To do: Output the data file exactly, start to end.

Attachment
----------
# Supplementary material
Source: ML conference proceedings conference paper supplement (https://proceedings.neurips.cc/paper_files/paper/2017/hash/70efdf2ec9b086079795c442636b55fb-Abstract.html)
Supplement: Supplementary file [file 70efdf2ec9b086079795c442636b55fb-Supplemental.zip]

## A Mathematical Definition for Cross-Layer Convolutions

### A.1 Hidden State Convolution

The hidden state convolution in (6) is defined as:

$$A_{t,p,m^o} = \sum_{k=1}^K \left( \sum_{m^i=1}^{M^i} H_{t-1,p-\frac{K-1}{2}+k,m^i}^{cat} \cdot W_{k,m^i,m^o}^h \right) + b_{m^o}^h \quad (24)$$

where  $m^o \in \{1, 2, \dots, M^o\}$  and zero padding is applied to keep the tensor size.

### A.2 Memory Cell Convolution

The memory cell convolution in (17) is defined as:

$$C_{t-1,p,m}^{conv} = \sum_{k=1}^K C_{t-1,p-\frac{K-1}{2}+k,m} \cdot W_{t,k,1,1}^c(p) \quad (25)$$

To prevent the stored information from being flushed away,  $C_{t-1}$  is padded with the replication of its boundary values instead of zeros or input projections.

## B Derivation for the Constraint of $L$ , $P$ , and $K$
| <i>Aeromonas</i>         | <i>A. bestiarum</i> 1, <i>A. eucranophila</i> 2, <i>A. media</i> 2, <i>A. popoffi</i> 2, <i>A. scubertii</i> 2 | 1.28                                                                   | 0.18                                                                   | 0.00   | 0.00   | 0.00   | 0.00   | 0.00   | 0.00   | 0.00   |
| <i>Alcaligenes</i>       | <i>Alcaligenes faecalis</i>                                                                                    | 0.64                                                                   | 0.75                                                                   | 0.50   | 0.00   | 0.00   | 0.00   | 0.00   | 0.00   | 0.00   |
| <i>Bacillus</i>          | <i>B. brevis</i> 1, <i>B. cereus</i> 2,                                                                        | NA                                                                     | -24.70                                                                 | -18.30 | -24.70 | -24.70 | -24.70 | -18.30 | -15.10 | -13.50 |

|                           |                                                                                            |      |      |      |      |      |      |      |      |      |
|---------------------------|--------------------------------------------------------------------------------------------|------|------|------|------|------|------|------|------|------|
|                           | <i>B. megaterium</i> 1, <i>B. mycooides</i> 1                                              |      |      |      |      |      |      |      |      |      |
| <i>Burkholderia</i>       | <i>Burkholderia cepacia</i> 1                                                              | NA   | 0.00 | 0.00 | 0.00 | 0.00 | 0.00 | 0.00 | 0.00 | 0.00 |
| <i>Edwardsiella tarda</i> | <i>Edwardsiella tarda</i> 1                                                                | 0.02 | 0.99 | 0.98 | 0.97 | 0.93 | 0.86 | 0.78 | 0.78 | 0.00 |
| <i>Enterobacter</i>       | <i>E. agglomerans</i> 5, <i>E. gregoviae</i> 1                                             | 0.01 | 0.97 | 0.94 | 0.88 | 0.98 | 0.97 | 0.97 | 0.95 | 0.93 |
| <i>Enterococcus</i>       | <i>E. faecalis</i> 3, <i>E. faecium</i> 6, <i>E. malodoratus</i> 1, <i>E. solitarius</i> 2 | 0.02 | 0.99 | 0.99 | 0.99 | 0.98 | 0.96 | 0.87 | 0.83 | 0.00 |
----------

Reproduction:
# Supplementary material
Source: ML conference proceedings conference paper supplement (https://proceedings.neurips.cc/paper_files/paper/2017/hash/70efdf2ec9b086079795c442636b55fb-Abstract.html)
Supplement: Supplementary file [file 70efdf2ec9b086079795c442636b55fb-Supplemental.zip]

## A Mathematical Definition for Cross-Layer Convolutions

### A.1 Hidden State Convolution

The hidden state convolution in (6) is defined as:

$$A_{t,p,m^o} = \sum_{k=1}^K \left( \sum_{m^i=1}^{M^i} H_{t-1,p-\frac{K-1}{2}+k,m^i}^{cat} \cdot W_{k,m^i,m^o}^h \right) + b_{m^o}^h \quad (24)$$

where  $m^o \in \{1, 2, \dots, M^o\}$  and zero padding is applied to keep the tensor size.

### A.2 Memory Cell Convolution

The memory cell convolution in (17) is defined as:

$$C_{t-1,p,m}^{conv} = \sum_{k=1}^K C_{t-1,p-\frac{K-1}{2}+k,m} \cdot W_{t,k,1,1}^c(p) \quad (25)$$

To prevent the stored information from being flushed away,  $C_{t-1}$  is padded with the replication of its boundary values instead of zeros or input projections.

## B Derivation for the Constraint of $L$ , $P$ , and $K$
| <i>Aeromonas</i>         | <i>A. bestiarum</i> 1, <i>A. eucranophila</i> 2, <i>A. media</i> 2, <i>A. popoffi</i> 2, <i>A. scubertii</i> 2 | 1.28                                                                   | 0.18                                                                   | 0.00   | 0.00   | 0.00   | 0.00   | 0.00   | 0.00   | 0.00   |
| <i>Alcaligenes</i>       | <i>Alcaligenes faecalis</i>                                                                                    | 0.64                                                                   | 0.75                                                                   | 0.50   | 0.00   | 0.00   | 0.00   | 0.00   | 0.00   | 0.00   |
| <i>Bacillus</i>          | <i>B. brevis</i> 1, <i>B. cereus</i> 2,                                                                        | NA                                                                     | -24.70                                                                 | -18.30 | -24.70 | -24.70 | -24.70 | -18.30 | -15.10 | -13.50 |

|                           |                                                                                            |      |      |      |      |      |      |      |      |      |
|---------------------------|--------------------------------------------------------------------------------------------|------|------|------|------|------|------|------|------|------|
|                           | <i>B. megaterium</i> 1, <i>B. mycooides</i> 1                                              |      |      |      |      |      |      |      |      |      |
| <i>Burkholderia</i>       | <i>Burkholderia cepacia</i> 1                                                              | NA   | 0.00 | 0.00 | 0.00 | 0.00 | 0.00 | 0.00 | 0.00 | 0.00 |
| <i>Edwardsiella tarda</i> | <i>Edwardsiella tarda</i> 1                                                                | 0.02 | 0.99 | 0.98 | 0.97 | 0.93 | 0.86 | 0.78 | 0.78 | 0.00 |
| <i>Enterobacter</i>       | <i>E. agglomerans</i> 5, <i>E. gregoviae</i> 1                                             | 0.01 | 0.97 | 0.94 | 0.88 | 0.98 | 0.97 | 0.97 | 0.95 | 0.93 |
| <i>Enterococcus</i>       | <i>E. faecalis</i> 3, <i>E. faecium</i> 6, <i>E. malodoratus</i> 1, <i>E. solitarius</i> 2 | 0.02 | 0.99 | 0.99 | 0.99 | 0.98 | 0.96 | 0.87 | 0.83 | 0.00 |